Evaluating and changing pricing for services tends to be a stressful exercise for most doctors. If you’ve ever doubted your methodology for changing your prices, or chuckle at the suggestion that you had a methodology in the first place, then this article is for you.
First off, realize you’re not alone, very few small business owners apply any kind of evidence-based principles to their pricing. The good news is that you are actually one step ahead of these aforementioned business owners in that as a doctor you have actual training in evidence-based medicine. You are trained to think like a researcher when it comes to determining the best clinical care for your patient, now I’ll share the best way to focus those skills on the matter of your pricing.
Start by just focusing on one simple fee, I’ll suggest your contact lens evaluation fees. Please resist the temptation to go-down-the-rabbit-hole on all aspects of your contact lens fee structures; save that for another day. For the moment, see what happens when you make one simple and powerful change in your practice, then let that momentum help launch your next project (whatever that may be).
Next, since you’re going to make an evidence-based decision, you need to gather data. Here is a short 3-step process to collect your data:
Step 1 – Establish a Baseline
Ask your staff to track how many patients balk at a quoted contact lens fee on the phone and at checkout how many patients offer a complaint about the contact lens fee. Compare this to how many calls or checkouts they do that involve contact lenses over a 2-3 week span. I know this seems entirely too subjective of a measurement, however your staff are likely empathetic to your patients and can probably judge price hesitancy very well. Also, we’re most interested in measuring your patient’s thoughts regarding your pricing anyways at this point, so this data makes sense and is actionable.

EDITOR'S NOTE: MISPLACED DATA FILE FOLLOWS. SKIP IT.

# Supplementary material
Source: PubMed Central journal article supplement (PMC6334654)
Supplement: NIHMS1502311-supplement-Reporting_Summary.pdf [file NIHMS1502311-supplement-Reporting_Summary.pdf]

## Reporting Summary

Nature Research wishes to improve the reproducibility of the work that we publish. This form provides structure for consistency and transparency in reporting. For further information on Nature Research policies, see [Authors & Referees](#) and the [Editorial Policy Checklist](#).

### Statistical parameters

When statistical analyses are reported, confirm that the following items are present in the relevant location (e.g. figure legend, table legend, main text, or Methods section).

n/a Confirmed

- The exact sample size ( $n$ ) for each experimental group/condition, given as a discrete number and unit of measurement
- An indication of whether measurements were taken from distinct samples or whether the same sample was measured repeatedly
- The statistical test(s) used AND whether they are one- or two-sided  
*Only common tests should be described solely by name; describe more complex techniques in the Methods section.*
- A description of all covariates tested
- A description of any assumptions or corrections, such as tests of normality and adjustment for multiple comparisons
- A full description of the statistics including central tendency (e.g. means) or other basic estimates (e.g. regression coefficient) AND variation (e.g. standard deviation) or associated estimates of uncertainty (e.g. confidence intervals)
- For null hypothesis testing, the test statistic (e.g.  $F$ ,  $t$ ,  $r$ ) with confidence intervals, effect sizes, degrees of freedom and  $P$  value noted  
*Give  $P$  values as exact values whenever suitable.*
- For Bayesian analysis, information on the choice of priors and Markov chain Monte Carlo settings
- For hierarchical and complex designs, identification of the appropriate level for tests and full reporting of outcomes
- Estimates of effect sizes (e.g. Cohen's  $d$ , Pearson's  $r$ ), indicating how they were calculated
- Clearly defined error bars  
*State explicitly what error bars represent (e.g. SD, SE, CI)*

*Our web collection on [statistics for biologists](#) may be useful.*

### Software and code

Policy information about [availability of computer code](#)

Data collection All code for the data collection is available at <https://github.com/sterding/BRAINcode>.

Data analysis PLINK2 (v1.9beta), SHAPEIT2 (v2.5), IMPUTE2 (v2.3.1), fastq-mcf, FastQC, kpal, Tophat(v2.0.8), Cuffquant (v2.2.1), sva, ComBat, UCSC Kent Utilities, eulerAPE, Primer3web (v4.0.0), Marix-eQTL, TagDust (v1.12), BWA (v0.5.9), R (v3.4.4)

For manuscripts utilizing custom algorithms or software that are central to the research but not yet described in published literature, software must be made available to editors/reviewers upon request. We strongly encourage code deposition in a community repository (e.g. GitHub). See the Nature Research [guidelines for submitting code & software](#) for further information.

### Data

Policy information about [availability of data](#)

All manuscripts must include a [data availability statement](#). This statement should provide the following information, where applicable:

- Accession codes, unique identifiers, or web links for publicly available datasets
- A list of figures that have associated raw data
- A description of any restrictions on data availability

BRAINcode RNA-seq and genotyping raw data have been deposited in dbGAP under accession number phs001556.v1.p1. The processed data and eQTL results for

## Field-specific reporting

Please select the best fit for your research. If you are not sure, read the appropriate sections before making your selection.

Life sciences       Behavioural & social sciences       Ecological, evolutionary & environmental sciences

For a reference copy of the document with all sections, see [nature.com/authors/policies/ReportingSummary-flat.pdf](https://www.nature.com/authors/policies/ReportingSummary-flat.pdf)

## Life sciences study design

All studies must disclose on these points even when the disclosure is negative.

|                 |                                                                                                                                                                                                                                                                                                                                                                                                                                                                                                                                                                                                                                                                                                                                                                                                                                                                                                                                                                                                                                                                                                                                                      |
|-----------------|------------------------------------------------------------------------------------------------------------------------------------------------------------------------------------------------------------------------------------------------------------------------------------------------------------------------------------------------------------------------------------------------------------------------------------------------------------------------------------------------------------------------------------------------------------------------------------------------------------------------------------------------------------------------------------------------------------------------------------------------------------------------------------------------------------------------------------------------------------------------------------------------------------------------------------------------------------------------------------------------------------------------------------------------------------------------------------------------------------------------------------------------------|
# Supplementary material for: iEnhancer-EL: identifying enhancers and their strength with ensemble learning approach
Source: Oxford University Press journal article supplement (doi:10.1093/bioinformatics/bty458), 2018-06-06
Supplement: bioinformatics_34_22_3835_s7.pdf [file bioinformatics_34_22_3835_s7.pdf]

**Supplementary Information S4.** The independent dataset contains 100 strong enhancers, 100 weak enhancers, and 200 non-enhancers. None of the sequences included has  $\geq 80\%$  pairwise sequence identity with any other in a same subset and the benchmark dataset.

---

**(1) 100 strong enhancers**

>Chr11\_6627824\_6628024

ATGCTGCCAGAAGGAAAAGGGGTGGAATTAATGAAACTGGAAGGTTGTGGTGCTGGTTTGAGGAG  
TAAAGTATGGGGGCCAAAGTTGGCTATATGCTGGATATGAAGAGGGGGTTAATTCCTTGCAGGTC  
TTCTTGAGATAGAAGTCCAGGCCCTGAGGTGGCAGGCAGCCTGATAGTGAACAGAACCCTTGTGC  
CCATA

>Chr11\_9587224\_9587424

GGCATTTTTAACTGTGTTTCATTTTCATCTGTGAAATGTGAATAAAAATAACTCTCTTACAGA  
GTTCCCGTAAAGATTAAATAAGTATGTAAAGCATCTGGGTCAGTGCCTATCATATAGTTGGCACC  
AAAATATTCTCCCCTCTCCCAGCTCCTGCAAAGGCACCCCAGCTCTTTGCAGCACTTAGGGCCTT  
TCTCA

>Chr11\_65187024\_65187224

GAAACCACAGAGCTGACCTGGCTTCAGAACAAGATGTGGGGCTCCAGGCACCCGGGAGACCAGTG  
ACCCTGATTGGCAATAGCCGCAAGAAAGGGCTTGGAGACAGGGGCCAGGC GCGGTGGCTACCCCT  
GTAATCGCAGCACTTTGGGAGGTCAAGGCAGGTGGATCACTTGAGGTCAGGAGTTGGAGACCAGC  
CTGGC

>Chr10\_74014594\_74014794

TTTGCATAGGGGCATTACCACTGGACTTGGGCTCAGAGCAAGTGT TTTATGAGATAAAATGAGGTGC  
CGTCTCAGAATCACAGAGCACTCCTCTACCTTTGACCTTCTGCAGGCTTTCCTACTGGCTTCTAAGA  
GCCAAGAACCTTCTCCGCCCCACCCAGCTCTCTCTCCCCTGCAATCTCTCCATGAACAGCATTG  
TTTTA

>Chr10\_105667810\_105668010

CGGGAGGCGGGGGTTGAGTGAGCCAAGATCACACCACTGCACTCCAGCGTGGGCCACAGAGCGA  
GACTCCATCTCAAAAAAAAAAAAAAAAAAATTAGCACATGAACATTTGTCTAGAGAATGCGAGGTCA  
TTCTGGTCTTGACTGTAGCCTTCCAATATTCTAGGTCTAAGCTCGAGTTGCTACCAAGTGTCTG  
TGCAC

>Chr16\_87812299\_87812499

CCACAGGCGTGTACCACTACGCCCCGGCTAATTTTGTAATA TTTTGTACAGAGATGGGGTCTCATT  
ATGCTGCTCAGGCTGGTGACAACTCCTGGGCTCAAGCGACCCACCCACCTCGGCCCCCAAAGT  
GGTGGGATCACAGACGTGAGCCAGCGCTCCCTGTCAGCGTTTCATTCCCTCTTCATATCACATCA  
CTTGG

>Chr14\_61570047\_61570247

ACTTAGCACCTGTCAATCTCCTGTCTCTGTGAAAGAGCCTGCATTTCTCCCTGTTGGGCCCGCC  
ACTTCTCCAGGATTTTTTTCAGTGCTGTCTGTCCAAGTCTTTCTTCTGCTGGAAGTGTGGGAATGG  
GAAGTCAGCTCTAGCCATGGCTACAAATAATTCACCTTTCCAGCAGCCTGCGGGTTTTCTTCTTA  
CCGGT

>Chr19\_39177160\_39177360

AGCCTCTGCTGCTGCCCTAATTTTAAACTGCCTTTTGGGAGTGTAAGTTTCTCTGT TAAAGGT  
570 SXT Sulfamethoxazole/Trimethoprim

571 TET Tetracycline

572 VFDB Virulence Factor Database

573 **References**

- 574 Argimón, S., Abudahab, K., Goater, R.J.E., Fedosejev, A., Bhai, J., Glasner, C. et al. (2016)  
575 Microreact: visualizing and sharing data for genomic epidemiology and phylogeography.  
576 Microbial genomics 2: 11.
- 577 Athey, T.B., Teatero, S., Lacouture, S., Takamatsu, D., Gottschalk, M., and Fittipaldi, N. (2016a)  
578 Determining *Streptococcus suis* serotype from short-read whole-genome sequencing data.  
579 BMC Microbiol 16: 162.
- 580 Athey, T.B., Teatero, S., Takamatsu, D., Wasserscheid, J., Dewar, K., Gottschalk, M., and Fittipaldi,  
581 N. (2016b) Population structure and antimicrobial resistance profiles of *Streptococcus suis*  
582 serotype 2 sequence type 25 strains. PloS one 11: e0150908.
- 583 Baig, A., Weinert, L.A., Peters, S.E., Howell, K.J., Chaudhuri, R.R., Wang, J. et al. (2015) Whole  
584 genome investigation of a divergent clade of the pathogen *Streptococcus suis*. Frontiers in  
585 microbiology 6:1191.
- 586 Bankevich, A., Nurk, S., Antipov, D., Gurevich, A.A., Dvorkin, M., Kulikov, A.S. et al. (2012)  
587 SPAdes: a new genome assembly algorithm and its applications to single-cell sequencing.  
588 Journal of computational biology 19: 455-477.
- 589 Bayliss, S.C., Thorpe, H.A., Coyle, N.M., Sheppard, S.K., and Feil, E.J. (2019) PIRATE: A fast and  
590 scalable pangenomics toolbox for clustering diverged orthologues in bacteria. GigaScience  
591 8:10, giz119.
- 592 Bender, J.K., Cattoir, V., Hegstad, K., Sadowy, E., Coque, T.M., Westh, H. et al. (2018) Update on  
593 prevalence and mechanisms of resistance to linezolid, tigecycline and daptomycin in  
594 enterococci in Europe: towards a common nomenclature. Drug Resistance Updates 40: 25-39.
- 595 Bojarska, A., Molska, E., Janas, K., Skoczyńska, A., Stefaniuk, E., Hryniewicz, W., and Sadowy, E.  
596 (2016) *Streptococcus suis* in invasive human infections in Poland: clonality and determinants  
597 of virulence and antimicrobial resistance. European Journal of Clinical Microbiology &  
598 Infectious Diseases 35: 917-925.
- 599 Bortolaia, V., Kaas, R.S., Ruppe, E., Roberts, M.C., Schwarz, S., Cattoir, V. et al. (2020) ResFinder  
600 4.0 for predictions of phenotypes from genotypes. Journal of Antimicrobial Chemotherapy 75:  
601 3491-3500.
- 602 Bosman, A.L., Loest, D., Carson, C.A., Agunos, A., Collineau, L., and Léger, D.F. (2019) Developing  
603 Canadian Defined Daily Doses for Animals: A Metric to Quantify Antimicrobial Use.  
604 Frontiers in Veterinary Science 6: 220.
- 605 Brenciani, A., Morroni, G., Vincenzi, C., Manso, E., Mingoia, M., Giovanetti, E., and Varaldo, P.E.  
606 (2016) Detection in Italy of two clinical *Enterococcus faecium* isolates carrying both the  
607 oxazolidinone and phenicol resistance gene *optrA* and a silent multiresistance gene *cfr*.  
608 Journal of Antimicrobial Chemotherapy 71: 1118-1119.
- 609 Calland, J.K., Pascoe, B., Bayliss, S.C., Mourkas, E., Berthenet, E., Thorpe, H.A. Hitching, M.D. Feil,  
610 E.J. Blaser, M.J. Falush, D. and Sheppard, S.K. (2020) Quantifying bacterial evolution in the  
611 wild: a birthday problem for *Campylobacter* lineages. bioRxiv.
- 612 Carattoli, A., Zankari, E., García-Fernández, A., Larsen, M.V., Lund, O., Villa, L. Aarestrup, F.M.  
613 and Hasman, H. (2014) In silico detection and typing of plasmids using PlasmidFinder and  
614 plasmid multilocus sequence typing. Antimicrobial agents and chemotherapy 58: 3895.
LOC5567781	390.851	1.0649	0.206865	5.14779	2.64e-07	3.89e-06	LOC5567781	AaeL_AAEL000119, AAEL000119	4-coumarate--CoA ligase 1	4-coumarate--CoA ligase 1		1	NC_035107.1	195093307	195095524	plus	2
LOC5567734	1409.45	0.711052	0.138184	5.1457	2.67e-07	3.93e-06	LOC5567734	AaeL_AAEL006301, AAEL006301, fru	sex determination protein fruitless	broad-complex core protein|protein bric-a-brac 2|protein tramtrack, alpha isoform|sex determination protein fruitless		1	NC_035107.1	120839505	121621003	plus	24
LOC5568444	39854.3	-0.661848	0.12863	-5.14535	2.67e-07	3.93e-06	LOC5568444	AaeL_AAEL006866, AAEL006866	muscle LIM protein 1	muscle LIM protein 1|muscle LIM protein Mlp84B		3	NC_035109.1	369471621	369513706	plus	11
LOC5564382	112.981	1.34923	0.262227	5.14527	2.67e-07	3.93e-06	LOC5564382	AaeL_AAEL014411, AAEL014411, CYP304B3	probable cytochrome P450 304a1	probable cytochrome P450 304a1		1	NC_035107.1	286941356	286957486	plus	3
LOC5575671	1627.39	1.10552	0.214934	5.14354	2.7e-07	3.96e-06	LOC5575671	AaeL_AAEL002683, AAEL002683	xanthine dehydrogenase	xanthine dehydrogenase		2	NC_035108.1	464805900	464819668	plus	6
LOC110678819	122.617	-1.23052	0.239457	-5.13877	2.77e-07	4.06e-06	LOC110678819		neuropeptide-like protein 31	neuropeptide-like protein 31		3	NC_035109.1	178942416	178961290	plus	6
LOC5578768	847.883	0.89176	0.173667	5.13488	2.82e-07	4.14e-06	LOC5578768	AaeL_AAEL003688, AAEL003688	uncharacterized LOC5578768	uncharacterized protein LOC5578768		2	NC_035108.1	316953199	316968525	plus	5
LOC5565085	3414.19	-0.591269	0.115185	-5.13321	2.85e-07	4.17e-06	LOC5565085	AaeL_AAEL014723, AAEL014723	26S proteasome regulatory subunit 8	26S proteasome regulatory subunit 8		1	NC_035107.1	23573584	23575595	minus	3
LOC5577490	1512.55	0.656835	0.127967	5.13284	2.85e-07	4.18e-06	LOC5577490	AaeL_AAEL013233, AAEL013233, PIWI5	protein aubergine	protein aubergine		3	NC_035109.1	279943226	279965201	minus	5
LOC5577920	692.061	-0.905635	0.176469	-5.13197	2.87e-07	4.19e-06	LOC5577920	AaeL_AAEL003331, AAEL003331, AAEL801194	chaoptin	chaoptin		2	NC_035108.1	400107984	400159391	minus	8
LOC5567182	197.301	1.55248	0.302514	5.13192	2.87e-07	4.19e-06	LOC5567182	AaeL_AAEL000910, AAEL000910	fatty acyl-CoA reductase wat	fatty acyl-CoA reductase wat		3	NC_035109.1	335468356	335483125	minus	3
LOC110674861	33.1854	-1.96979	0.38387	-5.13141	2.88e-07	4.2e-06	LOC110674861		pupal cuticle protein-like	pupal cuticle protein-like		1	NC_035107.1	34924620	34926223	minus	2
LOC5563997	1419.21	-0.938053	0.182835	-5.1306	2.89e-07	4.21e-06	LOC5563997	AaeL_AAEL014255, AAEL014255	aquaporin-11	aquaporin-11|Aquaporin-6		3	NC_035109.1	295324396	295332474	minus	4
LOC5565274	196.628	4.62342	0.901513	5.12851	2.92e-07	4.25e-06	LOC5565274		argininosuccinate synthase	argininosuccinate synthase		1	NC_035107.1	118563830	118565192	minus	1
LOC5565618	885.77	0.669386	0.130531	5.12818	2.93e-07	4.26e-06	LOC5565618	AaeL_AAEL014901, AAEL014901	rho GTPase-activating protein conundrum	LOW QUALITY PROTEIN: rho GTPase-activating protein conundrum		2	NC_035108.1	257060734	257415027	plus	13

Step 2 – Make a change in your pricing
No special advice or formula here, simply pick an increase and go with it. You are a researcher—you’re simply introducing a stimulus and then measuring a response.
Step 3 – Measure your results
Follow the same process as you did for step 1 to collect new patient data after making your price change. Did you receive more, the same, or less negative sentiment regarding your contact lens fees?
The idea is that you are now starting to collect data on how your patients value your services, your pricinging is no longer a guess that you’ve made. Simply repeat steps 1-3 until one of two things happen: you see resistance from patients at a certain price level, or, you personally feel uncomfortable about how much your prices have increased.
In either situation, feel free to stop your research and set the price where you feel comfortable. Stopping here, are you possibly leaving profit on the table by not doing a further deep dive on pricing, structures of your fees, etc.? Possibly. But are you better off than where you were a short couple of months ago? Absolutely. And now you have the momentum and added revenue to tackle your next practice project.